Can skills be "transferable"?

I recently started playing older SF games on GGPO and that has been my first regular contact with other players. Until then versing people was very rare for me, in any fighting game. I usually just kept playing against the AI.

But the game that I really want to get good at is SF4, but I can’t play that online. So, with that in mind, would you say that what I learn playing Super Turbo or Alpha 2 online can be “transferred”, at least partially, to SF4? I obviously don’t mean everything, since they’re all whole different animals, but at least the experience of versing people, learning from and adapting to them, could that be applicable to SF4 even if I’m not really playing SF4?

I’d appreciate your inputs and thank them in advance.

Why do you feel they’re “whole different animals?” What are the biggest differences you see, in your opinion? Aside from graphics and, i guess, focus attacks.

The basic skills will be somewhat transferable. Fundamentals like spacing, defense, feeling game momentum, player psychology, will be similar between any Street Fighter games. The main things that you’ll have to get used to is the new game engine and its mechanics…which is a pretty large shift. So although the basic skill set is transferable, it will take time to understand the most effective way to play the game, especially when you have limited access to live competition.

Well, to be honest, I don’t know how to really describe the differences, but I’ll do my best.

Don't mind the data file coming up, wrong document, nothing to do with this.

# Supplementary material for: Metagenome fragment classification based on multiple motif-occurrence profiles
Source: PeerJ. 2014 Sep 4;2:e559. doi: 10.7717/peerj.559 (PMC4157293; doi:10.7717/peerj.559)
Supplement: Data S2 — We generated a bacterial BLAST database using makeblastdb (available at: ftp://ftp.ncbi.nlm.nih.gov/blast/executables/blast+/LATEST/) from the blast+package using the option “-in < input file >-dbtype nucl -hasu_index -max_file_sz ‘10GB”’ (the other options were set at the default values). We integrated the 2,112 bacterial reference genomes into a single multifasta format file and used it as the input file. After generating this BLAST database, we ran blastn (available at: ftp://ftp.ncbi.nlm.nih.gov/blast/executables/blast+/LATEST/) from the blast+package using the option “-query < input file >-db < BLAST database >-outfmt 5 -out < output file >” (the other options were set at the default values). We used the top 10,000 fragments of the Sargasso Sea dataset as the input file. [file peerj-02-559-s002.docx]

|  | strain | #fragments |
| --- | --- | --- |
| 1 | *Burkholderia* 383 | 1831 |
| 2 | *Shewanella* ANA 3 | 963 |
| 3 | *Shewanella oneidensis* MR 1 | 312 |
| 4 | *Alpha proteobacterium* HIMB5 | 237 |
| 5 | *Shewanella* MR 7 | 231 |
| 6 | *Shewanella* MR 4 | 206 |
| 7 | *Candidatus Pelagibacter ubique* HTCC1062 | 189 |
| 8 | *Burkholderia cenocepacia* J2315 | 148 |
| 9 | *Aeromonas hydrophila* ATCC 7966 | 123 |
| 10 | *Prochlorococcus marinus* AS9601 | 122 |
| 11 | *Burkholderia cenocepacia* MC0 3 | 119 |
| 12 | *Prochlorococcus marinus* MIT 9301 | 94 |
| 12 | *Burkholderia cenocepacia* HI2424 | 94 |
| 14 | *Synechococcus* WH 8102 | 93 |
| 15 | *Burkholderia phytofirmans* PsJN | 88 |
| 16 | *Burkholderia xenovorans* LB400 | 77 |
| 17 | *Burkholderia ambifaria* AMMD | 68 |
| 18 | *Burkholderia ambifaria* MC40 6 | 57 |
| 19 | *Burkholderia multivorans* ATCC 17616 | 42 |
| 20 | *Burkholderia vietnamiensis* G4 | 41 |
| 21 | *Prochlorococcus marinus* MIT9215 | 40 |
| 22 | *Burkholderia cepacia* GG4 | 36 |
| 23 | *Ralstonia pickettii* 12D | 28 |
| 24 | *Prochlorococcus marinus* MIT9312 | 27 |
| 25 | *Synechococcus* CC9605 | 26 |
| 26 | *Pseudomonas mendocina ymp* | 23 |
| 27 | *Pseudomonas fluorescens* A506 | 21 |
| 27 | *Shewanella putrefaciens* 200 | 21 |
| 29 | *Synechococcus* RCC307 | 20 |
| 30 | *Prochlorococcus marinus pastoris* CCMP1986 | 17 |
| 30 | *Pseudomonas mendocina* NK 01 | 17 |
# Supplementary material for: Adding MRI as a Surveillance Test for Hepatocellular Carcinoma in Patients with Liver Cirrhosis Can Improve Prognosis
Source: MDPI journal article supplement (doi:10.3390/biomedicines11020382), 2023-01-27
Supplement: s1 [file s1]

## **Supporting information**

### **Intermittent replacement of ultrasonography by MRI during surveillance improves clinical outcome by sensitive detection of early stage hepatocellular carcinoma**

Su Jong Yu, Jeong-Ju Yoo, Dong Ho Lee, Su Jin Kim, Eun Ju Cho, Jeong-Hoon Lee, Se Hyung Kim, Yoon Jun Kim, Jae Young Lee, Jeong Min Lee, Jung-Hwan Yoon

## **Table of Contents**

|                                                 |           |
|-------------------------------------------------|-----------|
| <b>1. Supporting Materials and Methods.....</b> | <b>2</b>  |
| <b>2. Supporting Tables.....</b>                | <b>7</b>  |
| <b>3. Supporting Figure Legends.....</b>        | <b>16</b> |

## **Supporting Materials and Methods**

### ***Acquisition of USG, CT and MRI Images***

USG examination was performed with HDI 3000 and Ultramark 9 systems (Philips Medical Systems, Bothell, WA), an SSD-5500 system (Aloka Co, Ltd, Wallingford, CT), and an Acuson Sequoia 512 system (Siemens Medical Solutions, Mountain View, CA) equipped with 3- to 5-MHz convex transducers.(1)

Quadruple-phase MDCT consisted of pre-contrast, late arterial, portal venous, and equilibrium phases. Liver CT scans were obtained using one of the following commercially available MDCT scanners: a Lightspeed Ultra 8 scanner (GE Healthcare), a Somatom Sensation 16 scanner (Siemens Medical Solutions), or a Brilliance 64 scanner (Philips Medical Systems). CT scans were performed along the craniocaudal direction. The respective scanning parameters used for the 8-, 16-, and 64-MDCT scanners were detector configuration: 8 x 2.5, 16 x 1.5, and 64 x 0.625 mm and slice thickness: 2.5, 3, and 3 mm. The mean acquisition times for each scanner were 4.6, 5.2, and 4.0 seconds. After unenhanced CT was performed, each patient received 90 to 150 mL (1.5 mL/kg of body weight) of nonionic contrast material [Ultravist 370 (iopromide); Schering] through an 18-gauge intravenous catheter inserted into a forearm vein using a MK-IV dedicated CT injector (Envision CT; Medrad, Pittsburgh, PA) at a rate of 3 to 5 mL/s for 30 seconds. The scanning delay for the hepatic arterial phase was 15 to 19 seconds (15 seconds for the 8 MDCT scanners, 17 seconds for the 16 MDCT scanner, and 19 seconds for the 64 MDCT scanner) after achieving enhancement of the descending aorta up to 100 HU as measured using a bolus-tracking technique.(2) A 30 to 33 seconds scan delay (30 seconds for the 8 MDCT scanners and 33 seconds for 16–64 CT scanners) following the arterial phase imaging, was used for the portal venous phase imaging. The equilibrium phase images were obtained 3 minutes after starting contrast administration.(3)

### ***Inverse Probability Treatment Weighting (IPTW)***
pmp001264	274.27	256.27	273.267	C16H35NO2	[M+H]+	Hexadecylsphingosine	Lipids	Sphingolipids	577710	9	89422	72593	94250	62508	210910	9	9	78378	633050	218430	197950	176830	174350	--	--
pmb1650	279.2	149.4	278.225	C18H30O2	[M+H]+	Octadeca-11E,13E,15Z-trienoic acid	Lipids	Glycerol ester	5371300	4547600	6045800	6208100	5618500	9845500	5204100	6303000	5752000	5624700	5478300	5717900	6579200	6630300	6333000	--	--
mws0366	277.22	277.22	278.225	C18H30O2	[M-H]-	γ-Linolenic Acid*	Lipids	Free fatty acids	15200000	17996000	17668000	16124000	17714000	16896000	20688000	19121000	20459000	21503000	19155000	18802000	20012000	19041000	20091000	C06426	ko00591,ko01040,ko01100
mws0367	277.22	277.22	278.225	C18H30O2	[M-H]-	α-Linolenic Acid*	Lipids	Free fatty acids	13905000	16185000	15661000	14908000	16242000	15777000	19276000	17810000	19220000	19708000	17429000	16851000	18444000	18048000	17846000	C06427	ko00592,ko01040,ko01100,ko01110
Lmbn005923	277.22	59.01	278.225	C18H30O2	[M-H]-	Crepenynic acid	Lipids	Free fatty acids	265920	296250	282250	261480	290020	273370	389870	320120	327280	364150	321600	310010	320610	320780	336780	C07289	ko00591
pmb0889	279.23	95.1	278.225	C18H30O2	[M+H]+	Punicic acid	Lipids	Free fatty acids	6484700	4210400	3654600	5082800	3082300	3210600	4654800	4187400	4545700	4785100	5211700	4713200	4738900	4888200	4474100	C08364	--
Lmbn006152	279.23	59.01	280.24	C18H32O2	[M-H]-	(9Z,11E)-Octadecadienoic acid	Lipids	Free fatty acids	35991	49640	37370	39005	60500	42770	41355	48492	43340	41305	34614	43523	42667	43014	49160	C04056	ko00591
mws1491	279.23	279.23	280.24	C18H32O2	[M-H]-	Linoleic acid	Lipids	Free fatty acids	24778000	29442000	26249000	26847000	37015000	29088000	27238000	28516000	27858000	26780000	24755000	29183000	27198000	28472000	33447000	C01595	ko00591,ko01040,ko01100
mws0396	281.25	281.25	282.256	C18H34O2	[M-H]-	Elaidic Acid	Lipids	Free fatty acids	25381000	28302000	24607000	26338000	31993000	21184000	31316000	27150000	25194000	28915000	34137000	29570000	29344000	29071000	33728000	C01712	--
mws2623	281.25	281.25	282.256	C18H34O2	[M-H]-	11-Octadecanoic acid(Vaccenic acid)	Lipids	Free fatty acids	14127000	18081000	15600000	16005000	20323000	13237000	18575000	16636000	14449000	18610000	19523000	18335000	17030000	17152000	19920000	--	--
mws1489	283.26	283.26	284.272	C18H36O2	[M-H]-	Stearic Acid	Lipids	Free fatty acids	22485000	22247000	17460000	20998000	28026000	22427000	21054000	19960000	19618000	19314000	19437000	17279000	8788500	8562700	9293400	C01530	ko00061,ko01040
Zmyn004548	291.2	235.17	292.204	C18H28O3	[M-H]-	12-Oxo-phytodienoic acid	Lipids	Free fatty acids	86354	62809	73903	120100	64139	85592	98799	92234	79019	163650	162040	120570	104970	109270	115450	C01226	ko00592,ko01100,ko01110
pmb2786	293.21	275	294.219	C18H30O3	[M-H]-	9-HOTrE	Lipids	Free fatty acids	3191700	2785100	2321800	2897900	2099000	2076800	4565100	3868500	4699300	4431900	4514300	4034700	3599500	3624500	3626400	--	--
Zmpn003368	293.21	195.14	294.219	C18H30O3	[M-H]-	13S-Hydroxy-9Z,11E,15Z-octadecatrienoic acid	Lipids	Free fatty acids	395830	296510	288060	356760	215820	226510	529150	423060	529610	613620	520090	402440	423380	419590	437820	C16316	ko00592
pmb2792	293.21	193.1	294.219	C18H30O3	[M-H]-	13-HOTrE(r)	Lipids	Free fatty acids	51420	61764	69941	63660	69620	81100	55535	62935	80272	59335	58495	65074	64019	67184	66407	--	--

ST, for starters, is a pretty unforgiving game. Comparing its reversal window to SF4’s is like comparing the eye of a needle to a tunnel. Add to that the amount of damage that you dish out and take in ST, plus the almost complete lack of comeback mechanics (sorry if I sound like I don’t know what I’m talking about, I still don’t fully understand what “comeback mechanics” are) make it a much tougher game than SF4.

Alpha 2 is very different as well, what with the AC’s and CC’s and all that. And 3S as well, with the parrying system.

Hopefully I managed to explain it at least somewhat decently.

That’s good to know. At least now I know I’m not just playing for fun and at least learning something, albeit in a smaller fraction.

Btw, why is ST so non-scrub friendly? I keep eating meaties like it’s going out of style because I can’t reversal anything. :frowning:

Alpha 2? The Brazilians are still on there? Just pick Rose and slam on crouching medium punch as much as possible. If they jump at you, just do crouch hard punch. When you get meter, learn how to activate the custom combos into a sweep, damage and juggle ender. You can also just do her quarter circle back x 2 kick super and press buttons to take damage even if they block. Do lots of spaced sliding with :df: :mk: as well, to set up throws and close distance. Practice clutch reflecting those fireballs, or suck 'em up from range for meter. If you’re gonna jump (she doesn’t really need to), cross up medium kick has a pretty big hit-box you can combo from. You have to be careful poking to much in this game, because Alpha Counter was still really good in it (uses one segment of bar).